First question on gross margin. Just in the fourth quarter, can you help us out a little bit on -- it sounded like the underlying gross margin x the impacts from PFresh and REDcard was up. Obviously, it was a disciplined promotional stance. But can you give us any quantification of what the underlying margins did and how you were looking at the impact from the collective RED-Fresh initiatives?

Douglas A. Scovanner

The measured impact as best we can measure them is that PFresh and 5% Rewards combined drove a gross margin rate decline a little higher, slightly higher than the aggregate reported results. And excluding those impacts, there was a slight amount of mix deterioration and a larger benefit from rate improvement within categories. But by any measure, the lion's share of our gross margin rate change on a net basis was driven by the impacts of those strategies.

Colin McGranahan - Sanford C. Bernstein & Co., LLC., Research Division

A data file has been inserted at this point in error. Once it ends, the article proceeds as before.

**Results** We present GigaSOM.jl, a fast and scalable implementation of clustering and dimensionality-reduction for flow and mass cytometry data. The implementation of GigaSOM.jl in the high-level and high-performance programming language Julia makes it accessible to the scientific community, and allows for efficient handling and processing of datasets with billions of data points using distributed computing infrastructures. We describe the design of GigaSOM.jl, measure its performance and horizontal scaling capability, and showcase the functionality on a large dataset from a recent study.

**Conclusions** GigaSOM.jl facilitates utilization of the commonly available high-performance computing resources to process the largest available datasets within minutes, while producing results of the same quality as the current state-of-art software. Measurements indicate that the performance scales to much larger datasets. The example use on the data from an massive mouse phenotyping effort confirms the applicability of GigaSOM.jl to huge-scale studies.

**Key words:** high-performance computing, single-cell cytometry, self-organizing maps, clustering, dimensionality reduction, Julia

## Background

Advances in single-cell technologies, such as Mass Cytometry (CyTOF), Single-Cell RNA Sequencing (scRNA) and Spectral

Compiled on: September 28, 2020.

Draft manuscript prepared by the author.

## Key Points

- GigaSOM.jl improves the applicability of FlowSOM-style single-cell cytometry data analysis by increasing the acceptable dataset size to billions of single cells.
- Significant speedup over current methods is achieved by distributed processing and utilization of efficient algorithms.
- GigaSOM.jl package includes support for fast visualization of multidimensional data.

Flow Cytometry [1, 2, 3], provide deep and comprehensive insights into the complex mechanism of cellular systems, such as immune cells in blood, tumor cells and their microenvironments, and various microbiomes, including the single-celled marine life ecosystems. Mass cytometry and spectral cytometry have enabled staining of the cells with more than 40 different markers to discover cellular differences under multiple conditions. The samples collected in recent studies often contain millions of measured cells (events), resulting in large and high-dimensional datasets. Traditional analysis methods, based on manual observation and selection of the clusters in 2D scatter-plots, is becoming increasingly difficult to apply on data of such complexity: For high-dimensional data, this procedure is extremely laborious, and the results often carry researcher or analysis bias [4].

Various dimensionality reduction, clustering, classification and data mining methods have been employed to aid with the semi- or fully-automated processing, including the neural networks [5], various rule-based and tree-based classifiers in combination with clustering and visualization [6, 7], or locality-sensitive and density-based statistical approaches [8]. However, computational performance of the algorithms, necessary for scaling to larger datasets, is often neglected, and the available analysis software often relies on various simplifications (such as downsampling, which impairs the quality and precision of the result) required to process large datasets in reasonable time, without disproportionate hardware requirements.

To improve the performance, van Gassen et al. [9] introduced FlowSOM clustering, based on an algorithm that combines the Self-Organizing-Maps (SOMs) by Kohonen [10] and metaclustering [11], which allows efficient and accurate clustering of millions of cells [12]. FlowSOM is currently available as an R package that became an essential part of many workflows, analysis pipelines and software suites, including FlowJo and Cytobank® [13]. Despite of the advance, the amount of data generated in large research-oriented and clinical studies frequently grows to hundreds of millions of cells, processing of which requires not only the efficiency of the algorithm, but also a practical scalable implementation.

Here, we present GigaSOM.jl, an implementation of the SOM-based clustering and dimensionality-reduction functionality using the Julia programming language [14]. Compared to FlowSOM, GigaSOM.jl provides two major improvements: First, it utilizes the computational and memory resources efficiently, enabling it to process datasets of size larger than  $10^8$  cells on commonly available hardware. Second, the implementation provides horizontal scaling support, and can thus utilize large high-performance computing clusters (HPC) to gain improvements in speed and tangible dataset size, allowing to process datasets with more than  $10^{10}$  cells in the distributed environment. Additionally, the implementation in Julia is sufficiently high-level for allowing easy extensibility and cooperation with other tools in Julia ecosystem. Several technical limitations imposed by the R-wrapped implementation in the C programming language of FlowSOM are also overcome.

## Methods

Okay, that's helpful. And then a couple of questions for Kathy. Firstly, I guess in the near term, with the improvement in sales momentum you've seen since the holidays, is there anything changing in the characterization in terms of your price points, good, better, best? It sounds like your best -- your greatest share gain was from your best customers. Are you seeing any improvement as you can tell in terms of merchandise assortment or guest improvement?

Kathryn A. Tesija

In the discretionary side of our business, we have seen some improvement in our better and best price points. And so you'll see that in fashion with some of our more fashionable collections as well as the must-have items. You'll also see it in Home in some of our better brands, Fieldcrest, for example, Smith & Hawken, which I've talked about before, C9 and Activewear. So we are definitely starting to see some movement, and that's one of our key objectives for 2012. We've had very strong results throughout the recession in our good price point and better, but we'd like to see increasing strength in better and best, and we have started to see that movement.

Colin McGranahan - Sanford C. Bernstein & Co., LLC., Research Division

Okay, that's helpful. And then longer term, the consumer electronics category and the larger media category has obviously been a significant and persistent drag. Can you just talk about any strategies you have that you think might be able to alleviate that, and obviously, there's some structural secular issues at work there.